Even if you play at separate tables, your priority needs to be your partner!


Most casinos also allow someone to sit behind their partner and watch. Sweating your partner’s hands is surprisingly entertaining. It will undoubtedly give you lots to talk about if you want to have deep discussions about poker.


Shadowing each other is a fantastic way to enjoy poker together.


If you are both entering a tournament, consider a “last longer” bet! So, even if one of you doesn’t cash, whichever person stays in the game the longest wins a prize of your choosing.


Side bets like these are your thing? Then try the “trash hand” game.


Each of you picks a junky, raggedy poker hand – like King-Three or Queen-Deuce. Big card + little card combinations work best.


  • Whenever your hand makes two pair, your partner needs to pay you a dollar (or $5, $20, depending on your amount of gamble).
  • Whenever your hand makes a full house, double the amount. And vice-versa with your partner’s hand.


This rule applies to all boards, by the way. So even if you two have both folded, the game is still on.


Complete strangers could be battling it out. But if your hand is King-Three and the flop is King-Three-Jack, your partner still owes you the side bet! Not only is it an innocent, harmless game, but it also keeps you focused on the hands where you’re not involved.


All hands become more competitive and exciting, even if you’re sitting on the sidelines. You’d be surprised how much a cute game like this gets your adrenaline going!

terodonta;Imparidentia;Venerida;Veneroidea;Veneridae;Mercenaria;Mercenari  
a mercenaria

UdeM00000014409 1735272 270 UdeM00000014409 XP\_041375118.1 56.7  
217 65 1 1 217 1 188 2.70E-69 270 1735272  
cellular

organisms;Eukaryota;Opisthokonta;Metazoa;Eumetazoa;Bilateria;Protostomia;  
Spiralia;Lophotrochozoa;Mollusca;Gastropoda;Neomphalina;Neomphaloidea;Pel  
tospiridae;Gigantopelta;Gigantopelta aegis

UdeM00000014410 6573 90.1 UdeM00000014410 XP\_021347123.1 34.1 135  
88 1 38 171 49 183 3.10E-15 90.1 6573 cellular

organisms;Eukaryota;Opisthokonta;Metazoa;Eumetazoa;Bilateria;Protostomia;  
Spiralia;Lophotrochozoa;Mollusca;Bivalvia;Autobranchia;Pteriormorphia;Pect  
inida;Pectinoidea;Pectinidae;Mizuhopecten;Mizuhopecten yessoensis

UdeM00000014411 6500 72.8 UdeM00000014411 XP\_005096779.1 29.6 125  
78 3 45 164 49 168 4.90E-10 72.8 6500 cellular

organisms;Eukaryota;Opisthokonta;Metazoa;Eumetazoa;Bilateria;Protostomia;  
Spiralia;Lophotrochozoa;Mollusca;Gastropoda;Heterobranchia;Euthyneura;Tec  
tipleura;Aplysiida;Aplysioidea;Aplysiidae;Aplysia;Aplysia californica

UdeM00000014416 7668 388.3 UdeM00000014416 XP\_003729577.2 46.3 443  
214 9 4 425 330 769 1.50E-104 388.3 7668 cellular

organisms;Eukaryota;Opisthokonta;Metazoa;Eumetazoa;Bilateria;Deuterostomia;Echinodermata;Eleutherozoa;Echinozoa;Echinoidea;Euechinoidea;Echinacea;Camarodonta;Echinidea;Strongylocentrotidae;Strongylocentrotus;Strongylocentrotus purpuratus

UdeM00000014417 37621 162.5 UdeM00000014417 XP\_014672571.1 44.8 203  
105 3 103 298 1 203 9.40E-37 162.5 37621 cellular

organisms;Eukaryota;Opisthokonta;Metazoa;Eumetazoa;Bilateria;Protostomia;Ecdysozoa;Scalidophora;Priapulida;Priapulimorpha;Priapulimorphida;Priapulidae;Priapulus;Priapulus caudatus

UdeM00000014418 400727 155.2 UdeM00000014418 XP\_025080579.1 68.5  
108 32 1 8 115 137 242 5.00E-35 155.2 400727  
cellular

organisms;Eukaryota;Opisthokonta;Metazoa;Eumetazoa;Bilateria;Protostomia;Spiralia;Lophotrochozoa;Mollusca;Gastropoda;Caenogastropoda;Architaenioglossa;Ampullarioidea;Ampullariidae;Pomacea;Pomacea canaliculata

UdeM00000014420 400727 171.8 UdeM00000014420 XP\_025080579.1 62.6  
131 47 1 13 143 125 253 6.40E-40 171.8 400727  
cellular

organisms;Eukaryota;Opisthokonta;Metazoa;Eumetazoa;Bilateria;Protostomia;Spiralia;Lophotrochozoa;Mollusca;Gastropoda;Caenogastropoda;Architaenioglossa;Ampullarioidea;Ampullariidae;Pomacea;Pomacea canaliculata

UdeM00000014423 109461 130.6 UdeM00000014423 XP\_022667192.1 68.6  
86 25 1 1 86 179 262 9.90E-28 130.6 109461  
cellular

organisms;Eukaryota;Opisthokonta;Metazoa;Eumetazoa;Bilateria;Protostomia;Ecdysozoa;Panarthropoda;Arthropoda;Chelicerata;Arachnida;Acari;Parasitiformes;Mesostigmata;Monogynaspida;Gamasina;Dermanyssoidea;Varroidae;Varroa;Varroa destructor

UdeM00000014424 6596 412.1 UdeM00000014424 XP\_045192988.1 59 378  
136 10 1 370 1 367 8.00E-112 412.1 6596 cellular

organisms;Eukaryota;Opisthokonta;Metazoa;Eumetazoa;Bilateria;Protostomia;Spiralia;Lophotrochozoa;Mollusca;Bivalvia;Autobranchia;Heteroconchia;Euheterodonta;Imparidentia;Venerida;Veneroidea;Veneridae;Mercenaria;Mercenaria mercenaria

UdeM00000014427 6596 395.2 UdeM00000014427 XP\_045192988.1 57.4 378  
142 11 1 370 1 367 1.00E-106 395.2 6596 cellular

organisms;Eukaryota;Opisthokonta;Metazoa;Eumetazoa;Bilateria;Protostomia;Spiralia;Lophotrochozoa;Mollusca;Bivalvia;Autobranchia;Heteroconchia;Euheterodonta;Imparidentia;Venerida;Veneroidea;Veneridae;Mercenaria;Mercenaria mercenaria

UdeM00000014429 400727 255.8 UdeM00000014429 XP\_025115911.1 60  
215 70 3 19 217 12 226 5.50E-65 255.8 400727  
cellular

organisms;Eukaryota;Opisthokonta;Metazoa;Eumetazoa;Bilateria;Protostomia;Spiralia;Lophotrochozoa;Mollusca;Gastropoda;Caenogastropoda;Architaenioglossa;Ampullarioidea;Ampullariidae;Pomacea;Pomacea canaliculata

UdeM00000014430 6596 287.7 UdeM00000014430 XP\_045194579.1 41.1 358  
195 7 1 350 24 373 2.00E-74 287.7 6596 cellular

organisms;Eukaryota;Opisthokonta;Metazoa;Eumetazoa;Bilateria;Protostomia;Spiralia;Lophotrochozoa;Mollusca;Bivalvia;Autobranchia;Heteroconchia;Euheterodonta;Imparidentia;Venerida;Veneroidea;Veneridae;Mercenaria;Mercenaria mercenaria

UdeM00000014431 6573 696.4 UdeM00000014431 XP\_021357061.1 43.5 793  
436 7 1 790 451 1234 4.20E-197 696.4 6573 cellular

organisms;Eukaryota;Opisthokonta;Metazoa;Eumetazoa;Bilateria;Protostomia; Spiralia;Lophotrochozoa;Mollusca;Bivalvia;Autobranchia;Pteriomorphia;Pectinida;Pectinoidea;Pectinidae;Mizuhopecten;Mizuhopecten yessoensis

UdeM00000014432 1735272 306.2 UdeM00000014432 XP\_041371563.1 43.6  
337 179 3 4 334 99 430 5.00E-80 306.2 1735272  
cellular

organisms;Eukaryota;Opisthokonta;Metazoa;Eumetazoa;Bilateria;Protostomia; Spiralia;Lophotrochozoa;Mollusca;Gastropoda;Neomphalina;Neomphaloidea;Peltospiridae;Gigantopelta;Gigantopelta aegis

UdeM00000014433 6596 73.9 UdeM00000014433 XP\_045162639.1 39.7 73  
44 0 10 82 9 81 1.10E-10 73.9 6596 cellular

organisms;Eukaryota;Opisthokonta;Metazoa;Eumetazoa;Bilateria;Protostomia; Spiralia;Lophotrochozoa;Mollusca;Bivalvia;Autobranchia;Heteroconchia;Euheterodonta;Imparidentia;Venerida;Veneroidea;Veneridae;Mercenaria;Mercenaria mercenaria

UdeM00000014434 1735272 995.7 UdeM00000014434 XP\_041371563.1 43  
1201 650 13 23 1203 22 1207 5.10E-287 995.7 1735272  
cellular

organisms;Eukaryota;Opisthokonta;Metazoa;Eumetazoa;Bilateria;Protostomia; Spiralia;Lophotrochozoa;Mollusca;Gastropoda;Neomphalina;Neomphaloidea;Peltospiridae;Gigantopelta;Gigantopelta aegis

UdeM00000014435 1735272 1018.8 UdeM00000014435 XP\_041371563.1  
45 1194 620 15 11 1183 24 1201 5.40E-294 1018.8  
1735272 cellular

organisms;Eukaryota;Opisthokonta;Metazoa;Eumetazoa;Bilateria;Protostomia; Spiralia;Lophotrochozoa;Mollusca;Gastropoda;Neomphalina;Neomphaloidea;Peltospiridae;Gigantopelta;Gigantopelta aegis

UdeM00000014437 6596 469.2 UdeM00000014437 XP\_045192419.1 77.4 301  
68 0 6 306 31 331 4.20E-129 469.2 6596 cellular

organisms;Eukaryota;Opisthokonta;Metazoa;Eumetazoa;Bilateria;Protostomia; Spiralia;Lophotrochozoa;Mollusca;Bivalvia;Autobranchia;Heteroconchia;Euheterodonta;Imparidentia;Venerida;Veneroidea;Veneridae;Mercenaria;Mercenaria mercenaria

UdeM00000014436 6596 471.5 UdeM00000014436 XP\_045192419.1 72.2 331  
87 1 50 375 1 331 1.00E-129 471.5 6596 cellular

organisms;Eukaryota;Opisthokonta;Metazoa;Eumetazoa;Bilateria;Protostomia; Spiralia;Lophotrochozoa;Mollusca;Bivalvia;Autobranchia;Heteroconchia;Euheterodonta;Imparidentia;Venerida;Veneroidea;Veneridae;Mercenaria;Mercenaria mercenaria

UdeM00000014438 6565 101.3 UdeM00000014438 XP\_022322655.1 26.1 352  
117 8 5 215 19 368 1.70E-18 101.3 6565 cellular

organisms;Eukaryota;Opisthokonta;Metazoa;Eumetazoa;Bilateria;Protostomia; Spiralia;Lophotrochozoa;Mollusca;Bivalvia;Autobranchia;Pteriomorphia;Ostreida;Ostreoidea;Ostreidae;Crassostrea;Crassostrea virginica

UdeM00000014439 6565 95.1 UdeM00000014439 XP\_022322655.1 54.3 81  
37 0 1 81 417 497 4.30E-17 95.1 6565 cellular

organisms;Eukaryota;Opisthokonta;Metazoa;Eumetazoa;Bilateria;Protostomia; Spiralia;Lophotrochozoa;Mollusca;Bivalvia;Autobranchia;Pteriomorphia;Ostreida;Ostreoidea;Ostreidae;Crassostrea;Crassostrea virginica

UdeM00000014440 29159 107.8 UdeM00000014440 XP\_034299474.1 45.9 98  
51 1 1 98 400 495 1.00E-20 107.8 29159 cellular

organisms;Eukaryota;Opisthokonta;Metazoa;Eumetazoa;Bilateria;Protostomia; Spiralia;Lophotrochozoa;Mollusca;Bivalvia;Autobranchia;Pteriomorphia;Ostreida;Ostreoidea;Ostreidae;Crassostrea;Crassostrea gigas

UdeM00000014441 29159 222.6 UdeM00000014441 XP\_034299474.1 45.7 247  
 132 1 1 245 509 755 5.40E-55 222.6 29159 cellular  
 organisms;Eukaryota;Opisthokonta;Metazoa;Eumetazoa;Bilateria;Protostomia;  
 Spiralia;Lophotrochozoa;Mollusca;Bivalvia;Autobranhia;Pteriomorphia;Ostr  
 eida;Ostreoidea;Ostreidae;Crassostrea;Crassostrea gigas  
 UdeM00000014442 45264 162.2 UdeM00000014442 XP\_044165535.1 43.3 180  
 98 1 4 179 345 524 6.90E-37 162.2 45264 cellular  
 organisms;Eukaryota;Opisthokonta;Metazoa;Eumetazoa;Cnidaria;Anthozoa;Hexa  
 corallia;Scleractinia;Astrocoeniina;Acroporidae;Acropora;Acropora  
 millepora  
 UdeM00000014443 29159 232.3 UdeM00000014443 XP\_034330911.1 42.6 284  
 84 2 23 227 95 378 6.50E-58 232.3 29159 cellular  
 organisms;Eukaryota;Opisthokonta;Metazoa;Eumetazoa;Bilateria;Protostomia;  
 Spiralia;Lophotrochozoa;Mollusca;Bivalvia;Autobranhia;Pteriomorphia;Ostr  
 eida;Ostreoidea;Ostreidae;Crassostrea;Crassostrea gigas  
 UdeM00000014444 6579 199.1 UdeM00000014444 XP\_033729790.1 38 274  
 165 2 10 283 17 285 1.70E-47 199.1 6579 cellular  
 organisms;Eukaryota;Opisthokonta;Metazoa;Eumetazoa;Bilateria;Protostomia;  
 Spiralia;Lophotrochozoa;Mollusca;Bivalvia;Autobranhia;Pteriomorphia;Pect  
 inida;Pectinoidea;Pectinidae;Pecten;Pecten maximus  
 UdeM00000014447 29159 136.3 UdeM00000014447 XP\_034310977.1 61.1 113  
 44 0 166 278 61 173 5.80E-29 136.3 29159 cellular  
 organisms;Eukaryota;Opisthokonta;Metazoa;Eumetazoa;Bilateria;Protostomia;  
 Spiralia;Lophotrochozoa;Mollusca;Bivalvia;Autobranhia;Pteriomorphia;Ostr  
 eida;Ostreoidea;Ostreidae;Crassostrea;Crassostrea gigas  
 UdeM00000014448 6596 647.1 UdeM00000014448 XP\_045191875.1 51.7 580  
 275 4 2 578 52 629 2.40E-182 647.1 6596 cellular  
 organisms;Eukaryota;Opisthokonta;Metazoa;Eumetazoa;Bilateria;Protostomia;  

It’s also a lot more personal than the standard “red or black” because you’re betting on the hand of your choosing… even if it’s junky.


OPTION B: Play At Home


If you want a more casual experience, playing poker together at home is your best bet. You benefit from more relaxed rules, and, well, dress codes.


Keep in mind that playing poker together at home is fun but much more distracting – so plan accordingly.

  • Shorter games are ideal
  • Try playing quick sit ‘n’ go’s
  • If you’re playing heads-up, don’t play an infinite cash game that gets old fast
  • Use timers to speed-up the blinds, or apps
  • Budget for around 30 minutes if you’re staying at home.

If the date is going well, anything longer than that should be impossible due to lack of focus…


Whatever you do, have fun!


Win or lose. You’re lucky if you’ve got a partner that wants to play poker!

About the Author
Amanda is the author of the book A Girl's Guide to Poker, dedicated to making poker friendly and accessible to everyone. In 2021, she was a World Series of Poker final-tablist where she and her father took third place in the WSOP tag team event.